GAINESVILLE, Ga. — The tiny white church has new locks, peepholes and brass plates. While its parishioners pray, the sanctuary is bolted shut and a police officer is now stationed outside. Soon, surveillance cameras will be installed, and the 47-member congregation will participate in active-shooter training.
This is the next chapter for the Bethel African Methodist Episcopal Church, which the authorities said was targeted in mid-November. The Gainesville Police charged a 16-year-old white girl with planning a racially motivated knife attack to kill the black worshipers, a plot they said bore eerie similarity to a 2015 massacre at a storied African-American church in Charleston, S.C.
In Gainesville, a small city of about 40,000 residents in the heart of Georgia’s poultry industry, the police chief has urged church members to use low-tech force to protect themselves. They should hurl Bibles or hot coffee, chairs or fire extinguishers, anything, he said, that can be weaponized if they are under attack and cannot safely escape.
“It’s a shame that we live in a world today where we have to protect our institutions of worship, our schools, but evil knows where we are most vulnerable,” Chief Jay Parrish told church leaders during a recent introduction to the active-shooter training. “The lightning bolt got too close this time.”
Faced with a rise in attacks on houses of worship, the Rev. Michelle Rizer-Pool, the pastor of Bethel, and other religious leaders across the country are fortifying their buildings and preparing for the possibility of mass shootings. Some have also turned to armed security and organized law enforcement patrols.
Last week, a gunman opened fire during Sunday service at a Texas church, killing two parishioners before an armed member of the church’s volunteer security team fatally shot him. And over the last two years, gunmen have targeted worshipers at synagogues in Poway, Calif., where one person died, and in Pittsburgh, where a man shouting anti-Semitic slurs gunned down 11 people, and at a Baptist church in Sutherland Springs, Texas, where 26 people were killed and another 20 were wounded.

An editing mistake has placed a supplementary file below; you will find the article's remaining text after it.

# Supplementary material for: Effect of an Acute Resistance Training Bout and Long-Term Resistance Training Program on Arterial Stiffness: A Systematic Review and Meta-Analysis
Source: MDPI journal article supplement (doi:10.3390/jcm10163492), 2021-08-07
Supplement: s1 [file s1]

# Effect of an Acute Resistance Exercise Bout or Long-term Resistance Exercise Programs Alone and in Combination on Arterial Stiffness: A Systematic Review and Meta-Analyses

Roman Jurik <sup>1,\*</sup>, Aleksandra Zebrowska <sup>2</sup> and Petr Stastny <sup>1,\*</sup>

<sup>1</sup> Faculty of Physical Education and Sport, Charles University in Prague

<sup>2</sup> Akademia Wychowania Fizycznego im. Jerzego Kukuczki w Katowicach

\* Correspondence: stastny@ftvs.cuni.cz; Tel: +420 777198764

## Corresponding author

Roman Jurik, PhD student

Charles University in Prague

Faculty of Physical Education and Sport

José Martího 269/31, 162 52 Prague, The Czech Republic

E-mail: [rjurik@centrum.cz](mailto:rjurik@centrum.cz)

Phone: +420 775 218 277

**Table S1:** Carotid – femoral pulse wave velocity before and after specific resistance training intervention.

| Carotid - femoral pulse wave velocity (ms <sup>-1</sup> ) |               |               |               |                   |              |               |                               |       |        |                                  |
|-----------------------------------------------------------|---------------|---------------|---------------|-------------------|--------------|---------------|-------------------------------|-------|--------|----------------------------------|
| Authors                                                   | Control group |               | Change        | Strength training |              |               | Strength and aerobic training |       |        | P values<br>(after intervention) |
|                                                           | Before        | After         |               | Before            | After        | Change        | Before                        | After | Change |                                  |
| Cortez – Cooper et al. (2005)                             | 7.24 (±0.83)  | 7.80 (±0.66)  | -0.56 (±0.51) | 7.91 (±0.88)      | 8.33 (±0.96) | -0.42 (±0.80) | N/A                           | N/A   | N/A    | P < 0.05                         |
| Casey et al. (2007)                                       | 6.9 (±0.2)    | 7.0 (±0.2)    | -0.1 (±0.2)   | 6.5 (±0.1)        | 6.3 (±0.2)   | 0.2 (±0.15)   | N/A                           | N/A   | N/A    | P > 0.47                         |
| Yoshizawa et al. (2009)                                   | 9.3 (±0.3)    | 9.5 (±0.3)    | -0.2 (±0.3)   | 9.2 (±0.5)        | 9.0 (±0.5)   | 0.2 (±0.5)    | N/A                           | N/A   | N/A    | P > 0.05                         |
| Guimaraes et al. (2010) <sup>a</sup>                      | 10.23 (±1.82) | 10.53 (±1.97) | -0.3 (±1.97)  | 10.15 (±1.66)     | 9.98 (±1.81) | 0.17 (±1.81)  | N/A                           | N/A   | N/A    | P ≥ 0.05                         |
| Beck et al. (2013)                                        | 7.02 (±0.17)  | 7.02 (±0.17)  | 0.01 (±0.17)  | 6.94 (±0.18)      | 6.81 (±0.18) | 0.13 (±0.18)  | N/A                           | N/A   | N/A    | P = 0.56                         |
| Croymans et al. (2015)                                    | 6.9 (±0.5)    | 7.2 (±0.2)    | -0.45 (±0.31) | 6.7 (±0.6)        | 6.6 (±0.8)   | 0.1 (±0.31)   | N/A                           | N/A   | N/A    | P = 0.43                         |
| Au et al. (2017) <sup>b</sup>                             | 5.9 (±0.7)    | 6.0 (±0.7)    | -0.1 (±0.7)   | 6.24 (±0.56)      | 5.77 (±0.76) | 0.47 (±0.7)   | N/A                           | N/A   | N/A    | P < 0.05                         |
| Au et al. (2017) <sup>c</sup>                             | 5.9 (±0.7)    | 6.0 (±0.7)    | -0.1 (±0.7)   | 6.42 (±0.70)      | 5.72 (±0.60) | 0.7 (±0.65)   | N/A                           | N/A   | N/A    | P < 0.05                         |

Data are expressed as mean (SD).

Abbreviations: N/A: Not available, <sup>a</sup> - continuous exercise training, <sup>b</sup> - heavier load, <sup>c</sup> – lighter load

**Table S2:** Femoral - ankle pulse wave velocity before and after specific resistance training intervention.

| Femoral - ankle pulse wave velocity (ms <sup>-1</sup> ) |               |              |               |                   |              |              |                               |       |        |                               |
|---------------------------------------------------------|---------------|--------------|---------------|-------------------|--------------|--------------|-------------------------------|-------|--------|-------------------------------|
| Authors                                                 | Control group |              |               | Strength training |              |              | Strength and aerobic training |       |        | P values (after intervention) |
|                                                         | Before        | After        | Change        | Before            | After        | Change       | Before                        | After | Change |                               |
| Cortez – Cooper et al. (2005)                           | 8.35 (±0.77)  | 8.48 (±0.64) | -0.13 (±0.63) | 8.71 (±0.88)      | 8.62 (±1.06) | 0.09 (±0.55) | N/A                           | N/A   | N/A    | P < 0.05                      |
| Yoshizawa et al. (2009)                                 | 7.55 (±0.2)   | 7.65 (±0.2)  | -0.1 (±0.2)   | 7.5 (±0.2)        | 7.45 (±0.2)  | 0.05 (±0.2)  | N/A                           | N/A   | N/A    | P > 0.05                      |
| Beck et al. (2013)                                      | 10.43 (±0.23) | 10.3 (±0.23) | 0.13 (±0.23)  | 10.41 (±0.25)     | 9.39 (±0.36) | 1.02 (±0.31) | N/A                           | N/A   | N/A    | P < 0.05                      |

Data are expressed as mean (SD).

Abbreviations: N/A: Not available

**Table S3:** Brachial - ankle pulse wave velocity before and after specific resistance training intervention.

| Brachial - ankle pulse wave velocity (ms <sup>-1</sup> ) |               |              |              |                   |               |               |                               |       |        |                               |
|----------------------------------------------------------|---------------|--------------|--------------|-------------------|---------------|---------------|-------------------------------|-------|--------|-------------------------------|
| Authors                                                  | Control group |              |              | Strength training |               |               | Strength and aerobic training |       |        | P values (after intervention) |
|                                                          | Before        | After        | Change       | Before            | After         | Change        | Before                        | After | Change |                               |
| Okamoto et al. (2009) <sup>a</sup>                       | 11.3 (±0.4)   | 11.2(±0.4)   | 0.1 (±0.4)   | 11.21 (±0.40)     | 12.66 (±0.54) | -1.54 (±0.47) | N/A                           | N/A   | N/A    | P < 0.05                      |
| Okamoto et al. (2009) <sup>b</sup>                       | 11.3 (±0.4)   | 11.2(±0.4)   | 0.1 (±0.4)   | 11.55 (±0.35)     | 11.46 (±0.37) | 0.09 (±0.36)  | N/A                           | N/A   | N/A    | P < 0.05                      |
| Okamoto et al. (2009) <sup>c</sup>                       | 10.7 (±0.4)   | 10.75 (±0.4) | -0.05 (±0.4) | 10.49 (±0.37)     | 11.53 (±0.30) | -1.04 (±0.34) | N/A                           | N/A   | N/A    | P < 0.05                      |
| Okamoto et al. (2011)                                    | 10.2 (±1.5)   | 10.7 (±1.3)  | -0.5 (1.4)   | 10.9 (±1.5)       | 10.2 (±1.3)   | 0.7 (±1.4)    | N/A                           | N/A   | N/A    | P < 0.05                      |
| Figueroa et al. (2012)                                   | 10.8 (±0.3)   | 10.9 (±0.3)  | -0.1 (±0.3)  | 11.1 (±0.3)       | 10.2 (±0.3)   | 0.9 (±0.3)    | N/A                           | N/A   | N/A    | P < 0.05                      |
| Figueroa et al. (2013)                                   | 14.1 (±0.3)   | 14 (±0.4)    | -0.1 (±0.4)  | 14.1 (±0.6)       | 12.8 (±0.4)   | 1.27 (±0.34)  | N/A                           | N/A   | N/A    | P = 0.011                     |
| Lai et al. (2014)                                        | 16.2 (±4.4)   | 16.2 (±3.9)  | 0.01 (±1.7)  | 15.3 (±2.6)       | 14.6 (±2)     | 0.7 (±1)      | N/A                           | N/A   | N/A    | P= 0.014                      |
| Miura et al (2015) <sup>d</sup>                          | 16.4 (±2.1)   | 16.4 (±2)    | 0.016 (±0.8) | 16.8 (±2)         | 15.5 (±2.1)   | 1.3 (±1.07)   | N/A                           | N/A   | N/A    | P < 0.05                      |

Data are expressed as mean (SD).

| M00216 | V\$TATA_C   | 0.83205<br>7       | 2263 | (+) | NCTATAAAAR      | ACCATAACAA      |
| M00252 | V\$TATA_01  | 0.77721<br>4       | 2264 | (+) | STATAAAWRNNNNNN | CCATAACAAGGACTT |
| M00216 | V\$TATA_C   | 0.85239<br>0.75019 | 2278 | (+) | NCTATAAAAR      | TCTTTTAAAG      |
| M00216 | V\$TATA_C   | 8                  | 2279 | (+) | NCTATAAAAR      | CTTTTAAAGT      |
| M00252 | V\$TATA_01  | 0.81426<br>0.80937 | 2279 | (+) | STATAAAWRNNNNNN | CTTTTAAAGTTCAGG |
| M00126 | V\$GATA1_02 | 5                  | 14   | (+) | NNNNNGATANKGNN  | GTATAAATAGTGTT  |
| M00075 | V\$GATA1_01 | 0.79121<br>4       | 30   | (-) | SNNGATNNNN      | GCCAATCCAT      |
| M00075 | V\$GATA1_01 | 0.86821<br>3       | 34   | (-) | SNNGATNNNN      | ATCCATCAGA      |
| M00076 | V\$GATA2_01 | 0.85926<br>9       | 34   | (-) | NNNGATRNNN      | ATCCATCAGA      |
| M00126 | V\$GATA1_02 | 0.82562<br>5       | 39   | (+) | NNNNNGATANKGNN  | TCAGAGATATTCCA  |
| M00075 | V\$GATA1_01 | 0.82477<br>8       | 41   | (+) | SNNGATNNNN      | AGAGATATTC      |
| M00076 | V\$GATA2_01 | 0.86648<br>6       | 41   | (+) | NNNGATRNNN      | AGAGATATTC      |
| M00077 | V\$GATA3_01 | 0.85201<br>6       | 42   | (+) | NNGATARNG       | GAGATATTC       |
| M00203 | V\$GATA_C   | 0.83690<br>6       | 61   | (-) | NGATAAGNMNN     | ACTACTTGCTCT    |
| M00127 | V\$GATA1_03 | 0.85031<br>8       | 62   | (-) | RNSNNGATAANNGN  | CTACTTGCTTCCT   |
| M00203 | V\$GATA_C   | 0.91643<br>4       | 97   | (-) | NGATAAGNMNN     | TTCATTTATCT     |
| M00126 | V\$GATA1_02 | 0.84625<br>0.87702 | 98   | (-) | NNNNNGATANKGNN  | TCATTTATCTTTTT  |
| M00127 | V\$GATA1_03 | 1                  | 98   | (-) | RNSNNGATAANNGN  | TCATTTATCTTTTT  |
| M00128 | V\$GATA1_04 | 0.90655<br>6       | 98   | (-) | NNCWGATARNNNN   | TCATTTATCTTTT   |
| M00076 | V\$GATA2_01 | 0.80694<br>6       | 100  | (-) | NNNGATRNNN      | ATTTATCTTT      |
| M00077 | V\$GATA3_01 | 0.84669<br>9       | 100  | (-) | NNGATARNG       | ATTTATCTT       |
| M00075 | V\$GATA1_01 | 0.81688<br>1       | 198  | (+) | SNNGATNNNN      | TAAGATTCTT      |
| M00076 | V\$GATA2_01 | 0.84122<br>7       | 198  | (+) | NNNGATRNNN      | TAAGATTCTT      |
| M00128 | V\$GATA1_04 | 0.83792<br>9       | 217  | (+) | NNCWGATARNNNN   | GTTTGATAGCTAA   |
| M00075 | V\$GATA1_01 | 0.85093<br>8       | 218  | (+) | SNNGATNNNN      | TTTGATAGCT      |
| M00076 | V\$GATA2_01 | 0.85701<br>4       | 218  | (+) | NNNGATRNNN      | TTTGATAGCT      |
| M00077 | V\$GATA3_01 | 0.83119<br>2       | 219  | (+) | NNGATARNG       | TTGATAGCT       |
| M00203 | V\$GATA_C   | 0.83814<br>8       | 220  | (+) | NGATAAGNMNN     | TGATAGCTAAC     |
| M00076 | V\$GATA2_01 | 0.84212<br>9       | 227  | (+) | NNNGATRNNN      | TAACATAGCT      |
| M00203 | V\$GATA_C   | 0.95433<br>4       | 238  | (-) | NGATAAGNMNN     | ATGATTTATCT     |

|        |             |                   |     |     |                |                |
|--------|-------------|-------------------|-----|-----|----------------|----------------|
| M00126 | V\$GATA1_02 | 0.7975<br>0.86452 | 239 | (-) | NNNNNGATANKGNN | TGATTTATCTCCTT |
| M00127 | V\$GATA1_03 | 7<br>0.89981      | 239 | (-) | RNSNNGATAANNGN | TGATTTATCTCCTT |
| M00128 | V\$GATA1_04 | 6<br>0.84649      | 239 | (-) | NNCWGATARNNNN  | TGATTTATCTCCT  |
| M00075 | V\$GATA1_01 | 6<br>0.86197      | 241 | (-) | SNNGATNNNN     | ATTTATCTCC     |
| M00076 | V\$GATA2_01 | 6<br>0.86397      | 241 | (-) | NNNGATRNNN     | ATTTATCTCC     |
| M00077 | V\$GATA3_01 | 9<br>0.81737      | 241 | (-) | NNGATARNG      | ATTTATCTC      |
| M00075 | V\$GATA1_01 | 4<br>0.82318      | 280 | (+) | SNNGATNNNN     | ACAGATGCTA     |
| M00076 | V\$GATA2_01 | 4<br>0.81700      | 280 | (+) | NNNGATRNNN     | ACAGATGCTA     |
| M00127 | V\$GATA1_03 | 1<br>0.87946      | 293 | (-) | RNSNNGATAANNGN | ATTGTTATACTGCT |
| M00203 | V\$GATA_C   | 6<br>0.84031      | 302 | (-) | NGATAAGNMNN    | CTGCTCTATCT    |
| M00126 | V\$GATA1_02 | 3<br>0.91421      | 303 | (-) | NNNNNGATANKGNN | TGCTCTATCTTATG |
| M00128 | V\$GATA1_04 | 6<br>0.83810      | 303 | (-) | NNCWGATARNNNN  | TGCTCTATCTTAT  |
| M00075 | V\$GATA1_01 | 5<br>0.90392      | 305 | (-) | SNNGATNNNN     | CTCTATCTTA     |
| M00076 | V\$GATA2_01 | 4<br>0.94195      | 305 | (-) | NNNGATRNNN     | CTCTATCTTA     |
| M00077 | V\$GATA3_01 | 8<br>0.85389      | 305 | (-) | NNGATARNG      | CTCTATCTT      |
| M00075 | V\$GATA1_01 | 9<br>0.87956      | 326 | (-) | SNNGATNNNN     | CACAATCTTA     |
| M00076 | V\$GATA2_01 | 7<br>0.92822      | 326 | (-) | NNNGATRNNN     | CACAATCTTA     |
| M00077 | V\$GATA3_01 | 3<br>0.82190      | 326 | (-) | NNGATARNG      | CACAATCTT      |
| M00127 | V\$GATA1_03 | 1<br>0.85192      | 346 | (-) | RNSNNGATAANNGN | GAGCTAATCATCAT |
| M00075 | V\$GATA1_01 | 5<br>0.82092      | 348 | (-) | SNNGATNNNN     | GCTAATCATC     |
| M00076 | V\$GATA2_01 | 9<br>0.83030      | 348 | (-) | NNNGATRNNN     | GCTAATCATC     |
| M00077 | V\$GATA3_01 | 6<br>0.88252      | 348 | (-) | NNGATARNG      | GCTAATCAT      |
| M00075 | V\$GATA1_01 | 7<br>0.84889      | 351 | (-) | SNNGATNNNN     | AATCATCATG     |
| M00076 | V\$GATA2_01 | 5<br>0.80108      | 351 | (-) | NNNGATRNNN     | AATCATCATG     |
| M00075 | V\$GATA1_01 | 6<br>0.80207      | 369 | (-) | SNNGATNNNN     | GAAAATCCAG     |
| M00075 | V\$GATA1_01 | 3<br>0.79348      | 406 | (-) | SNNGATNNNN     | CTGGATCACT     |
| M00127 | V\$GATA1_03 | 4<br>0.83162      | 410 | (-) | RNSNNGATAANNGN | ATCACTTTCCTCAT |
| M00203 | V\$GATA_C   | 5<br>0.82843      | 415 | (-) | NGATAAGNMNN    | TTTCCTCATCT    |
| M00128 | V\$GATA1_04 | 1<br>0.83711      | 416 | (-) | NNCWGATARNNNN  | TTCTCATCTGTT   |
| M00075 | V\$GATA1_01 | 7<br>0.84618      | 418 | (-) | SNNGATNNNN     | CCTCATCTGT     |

“Unfortunately, this is what it has come to. We have to be ready to fight back,” said Ms. Rizer-Pool, a retired Army major who has led Bethel for about 18 months. “We are having to get our arms around this idea of praying and praising our God in what is supposed to be a place of peace, but having to be watchful and on the lookout.”
Faith groups have responded to the growing threat of hate crimes and violence, in part, by offering specialized training and producing safety guides. The Council on American-Islamic Relations published a safety manual for religious institutions and began holding training sessions after a mass shooting at a Sikh temple in Wisconsin in 2012.
“Our thinking is, if you substitute ‘mosque’ for ‘church’ or ‘synagogue’ or ‘temple,’ the concerns are the same, so we made the guide available to the entire faith community,” said Ibrahim Hooper, national communications director for the group.
After a gunman stormed the small church in Sutherland Springs in November 2017, a Dallas-area megachurch organized an active-shooter training session, which more than 600 church leaders from across the country attended. Since then, the church and the Southern Baptists of Texas Convention have provided training and security assessments at about 150 churches in Texas, Oregon and Missouri. Texas legislators responded, too, by passing laws that allow anyone with a concealed-carry license to bring firearms into churches.
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Source: The New York Times